There are so many things that senior quarterback Russell Wilson brings to the Badgers' offense: a strong arm, mobility and leadership. The thing that's the most impressive, according to head coach Bret Bielema, is something he sees in the film room, on the practice field and every time he lines up under center.
"It's his mind," Bielema said. "Obviously God blessed with a tremendous amount of athletic ability, but his mind is second to none. That kid, whatever I go at him with, his responses never cease to amaze me. He just continues to think ahead of the play."
That ability was on display for three-plus quarters against Northern Illinois and yes, Wilson's 347-yard, three-touchdown performance was eye-opening, it was one play that showed his skills.
Facing a third-and-8 late in the first half and the Badgers in an empty backfield, Northern Illinois linebacker Pat Schiller came free up the middle and had a clean shot at Wilson. Wilson sidestepped him, made another defender miss and took off on an 11-yard run. Two plays later, UW had a touchdown and a 28-7 lead.
"When you bring all kinds of pressure, you need to make one guy miss and you are running for awhile," Bielema said of Wilson avoid the blitz. "That's exactly what happened on that play … As a defensive coordinator, to have a play covered and everything in order and have that guy with the ability to escape, it's really, really unique."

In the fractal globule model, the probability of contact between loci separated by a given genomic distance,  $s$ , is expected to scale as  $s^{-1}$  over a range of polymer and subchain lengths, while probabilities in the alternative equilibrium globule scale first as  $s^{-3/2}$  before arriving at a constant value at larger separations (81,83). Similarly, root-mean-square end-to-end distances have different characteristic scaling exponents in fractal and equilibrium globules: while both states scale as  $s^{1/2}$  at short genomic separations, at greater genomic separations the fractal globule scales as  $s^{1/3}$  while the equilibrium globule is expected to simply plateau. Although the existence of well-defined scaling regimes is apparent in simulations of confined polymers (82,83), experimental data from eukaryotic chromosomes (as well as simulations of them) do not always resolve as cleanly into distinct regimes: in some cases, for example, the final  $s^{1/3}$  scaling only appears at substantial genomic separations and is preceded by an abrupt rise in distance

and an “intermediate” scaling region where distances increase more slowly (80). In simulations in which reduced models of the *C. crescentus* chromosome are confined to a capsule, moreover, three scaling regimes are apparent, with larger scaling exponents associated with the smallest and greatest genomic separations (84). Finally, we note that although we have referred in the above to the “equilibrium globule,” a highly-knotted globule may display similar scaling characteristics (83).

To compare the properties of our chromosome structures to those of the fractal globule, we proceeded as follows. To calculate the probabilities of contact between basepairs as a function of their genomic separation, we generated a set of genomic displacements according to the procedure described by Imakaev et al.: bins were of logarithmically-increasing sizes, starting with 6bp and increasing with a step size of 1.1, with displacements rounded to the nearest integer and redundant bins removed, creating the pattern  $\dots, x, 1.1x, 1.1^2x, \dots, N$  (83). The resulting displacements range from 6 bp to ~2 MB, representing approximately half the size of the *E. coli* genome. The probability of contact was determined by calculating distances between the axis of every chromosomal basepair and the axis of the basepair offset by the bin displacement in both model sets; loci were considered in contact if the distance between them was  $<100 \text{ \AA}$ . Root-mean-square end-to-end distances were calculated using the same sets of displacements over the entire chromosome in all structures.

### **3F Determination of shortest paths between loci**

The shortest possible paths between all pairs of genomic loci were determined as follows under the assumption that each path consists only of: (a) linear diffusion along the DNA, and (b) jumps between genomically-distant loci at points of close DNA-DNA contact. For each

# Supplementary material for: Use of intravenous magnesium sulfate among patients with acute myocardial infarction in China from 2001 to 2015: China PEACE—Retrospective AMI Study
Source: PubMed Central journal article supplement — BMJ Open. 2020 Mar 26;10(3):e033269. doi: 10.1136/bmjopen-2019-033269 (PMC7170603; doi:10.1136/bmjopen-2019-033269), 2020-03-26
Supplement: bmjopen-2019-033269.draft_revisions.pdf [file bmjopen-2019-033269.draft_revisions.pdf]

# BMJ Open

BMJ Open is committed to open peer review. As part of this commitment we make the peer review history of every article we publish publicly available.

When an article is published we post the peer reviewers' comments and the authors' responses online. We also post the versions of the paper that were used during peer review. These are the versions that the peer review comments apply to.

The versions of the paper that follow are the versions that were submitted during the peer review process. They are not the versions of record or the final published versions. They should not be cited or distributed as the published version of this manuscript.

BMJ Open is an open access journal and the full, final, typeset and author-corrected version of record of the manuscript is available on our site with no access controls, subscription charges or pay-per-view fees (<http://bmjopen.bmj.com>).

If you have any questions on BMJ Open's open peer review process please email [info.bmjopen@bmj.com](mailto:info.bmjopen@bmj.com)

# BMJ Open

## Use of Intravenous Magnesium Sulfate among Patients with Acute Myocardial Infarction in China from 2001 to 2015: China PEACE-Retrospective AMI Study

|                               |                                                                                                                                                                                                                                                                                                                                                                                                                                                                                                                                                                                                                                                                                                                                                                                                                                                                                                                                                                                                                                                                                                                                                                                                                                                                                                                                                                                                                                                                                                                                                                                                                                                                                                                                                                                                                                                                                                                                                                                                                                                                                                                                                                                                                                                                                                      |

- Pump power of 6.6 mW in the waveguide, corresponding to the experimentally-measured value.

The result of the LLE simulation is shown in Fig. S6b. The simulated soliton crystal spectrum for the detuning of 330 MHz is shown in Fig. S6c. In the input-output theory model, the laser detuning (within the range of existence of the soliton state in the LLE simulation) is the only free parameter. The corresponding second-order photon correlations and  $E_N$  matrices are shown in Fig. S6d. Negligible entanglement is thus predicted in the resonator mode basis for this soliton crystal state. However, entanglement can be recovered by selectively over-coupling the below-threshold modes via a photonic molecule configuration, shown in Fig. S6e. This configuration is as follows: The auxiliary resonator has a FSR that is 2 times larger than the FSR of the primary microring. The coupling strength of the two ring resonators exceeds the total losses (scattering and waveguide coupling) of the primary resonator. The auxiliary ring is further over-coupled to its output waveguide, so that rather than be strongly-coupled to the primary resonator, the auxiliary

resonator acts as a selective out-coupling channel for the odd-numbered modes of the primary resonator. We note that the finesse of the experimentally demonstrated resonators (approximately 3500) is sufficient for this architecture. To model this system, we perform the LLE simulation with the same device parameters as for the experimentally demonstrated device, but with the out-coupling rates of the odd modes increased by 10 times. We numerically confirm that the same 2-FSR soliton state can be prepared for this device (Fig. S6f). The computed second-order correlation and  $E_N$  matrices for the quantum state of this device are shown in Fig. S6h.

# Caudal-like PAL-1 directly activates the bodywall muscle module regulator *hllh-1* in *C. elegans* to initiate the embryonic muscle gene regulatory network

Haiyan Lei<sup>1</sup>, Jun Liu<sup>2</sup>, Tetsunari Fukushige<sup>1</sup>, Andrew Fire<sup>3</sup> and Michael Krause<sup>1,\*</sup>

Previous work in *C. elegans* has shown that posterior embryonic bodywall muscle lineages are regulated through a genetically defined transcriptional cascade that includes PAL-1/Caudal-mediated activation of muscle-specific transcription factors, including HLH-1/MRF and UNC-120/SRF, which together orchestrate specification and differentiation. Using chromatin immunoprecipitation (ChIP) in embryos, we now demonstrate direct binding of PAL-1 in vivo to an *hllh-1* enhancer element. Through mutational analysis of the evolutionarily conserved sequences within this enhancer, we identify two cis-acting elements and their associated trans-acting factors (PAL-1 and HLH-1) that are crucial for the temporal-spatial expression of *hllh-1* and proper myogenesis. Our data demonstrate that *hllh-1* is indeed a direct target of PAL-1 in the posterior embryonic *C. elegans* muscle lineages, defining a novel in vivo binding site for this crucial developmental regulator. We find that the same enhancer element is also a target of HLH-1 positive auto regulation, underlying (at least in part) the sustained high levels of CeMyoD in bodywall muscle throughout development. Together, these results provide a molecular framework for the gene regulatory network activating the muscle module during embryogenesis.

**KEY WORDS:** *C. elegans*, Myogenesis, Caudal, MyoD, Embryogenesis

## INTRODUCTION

Throw in the fact that Joe Brennan got more meaningful reps late in the game – going 1-for-2 for eight yards passing and his first touchdown on a 6-yard scramble – and it was an overwhelming positive day under center.
Watching the film, it was obvious that offensive coordinator Paul Chryst knew he could run at will on Northern Illinois, who had allowed 556 yards on the ground in the first two weeks. The results were as expected – the Badgers rushed for 266 yards, averaged 5.7 yards per carry and score three times.
And just like in the opener, the running backs were a key fixture in the passing game, catching 10 passes for 126 yards.
"Going into the season, I knew we had backs that could catch the ball," Bielema said. "That brought an option to our game that really hadn't been there before. Those guys have a good feel for things."